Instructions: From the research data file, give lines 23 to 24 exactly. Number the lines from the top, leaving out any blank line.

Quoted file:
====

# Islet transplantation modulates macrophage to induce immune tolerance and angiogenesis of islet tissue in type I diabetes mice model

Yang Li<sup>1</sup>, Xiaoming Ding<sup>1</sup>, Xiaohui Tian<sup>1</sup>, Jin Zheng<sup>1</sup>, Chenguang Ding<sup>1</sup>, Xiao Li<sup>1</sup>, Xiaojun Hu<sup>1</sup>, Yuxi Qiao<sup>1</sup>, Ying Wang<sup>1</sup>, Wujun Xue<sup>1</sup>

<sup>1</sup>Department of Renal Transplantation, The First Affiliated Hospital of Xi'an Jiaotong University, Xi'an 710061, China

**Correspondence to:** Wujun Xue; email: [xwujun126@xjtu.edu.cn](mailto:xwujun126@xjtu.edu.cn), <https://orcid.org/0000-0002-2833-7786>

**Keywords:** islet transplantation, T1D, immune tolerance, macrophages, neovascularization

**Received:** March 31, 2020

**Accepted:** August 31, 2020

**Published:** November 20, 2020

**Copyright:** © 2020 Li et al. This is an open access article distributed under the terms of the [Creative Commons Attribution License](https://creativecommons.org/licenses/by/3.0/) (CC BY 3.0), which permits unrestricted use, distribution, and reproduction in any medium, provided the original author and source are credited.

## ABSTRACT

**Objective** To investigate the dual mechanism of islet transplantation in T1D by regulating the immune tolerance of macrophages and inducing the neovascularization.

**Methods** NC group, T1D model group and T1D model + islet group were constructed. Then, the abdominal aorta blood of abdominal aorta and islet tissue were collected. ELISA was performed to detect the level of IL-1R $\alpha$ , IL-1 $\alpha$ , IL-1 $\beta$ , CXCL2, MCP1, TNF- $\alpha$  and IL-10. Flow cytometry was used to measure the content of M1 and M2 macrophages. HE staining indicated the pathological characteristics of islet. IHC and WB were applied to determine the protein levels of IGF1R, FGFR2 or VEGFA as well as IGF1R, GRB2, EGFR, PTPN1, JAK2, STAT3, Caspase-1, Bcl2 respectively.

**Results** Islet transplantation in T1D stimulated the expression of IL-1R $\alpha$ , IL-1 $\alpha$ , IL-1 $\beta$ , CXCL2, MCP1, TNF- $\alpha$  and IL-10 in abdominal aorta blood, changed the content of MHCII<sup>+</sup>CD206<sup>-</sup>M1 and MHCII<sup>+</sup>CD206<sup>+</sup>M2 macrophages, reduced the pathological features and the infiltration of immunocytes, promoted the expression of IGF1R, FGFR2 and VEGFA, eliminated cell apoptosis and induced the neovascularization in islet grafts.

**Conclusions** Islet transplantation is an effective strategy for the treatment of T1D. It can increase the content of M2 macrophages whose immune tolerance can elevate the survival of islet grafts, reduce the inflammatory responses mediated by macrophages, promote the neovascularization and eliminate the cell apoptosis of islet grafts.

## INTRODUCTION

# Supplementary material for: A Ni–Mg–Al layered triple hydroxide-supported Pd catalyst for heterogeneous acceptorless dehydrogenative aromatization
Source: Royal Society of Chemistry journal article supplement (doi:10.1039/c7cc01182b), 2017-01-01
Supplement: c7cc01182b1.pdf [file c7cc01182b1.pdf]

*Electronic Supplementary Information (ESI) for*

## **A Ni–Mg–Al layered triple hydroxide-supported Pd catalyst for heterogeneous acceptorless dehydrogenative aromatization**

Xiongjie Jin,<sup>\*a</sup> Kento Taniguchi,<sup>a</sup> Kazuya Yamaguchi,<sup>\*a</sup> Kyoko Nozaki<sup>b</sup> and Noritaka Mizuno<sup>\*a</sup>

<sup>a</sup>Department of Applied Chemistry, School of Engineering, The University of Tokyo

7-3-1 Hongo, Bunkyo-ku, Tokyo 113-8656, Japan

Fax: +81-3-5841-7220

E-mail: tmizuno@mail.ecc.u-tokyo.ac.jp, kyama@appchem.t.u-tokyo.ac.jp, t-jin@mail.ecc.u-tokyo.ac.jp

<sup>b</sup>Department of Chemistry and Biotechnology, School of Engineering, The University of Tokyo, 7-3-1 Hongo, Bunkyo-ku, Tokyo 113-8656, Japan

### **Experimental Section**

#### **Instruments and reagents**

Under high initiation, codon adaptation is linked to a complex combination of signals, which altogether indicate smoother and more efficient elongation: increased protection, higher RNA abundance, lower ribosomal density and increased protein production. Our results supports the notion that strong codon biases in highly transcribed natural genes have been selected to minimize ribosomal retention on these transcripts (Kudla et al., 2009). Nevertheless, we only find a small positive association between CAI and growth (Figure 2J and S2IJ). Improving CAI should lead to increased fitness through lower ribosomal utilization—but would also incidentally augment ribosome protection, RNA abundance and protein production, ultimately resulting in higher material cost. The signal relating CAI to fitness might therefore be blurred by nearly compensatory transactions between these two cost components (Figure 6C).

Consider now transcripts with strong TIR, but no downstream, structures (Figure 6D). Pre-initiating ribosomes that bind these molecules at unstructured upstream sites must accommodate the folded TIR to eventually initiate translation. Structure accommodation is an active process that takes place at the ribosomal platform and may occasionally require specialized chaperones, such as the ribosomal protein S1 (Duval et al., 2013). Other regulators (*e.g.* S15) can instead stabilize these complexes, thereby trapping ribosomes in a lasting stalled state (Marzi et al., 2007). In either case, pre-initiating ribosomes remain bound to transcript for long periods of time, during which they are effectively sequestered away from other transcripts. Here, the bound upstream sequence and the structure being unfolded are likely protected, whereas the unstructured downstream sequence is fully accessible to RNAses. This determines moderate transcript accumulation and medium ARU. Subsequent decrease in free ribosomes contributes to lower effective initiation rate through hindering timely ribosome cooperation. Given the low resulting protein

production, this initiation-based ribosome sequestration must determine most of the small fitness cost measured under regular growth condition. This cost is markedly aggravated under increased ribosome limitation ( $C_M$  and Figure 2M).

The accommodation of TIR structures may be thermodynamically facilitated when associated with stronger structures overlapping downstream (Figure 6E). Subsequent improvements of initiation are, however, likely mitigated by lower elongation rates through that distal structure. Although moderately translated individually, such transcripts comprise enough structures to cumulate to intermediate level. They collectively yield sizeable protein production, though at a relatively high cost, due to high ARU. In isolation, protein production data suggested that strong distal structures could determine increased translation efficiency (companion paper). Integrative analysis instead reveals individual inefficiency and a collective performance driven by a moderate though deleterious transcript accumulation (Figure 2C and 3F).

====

7-3-1 Hongo, Bunkyo-ku, Tokyo 113-8656, Japan

Fax: +81-3-5841-7220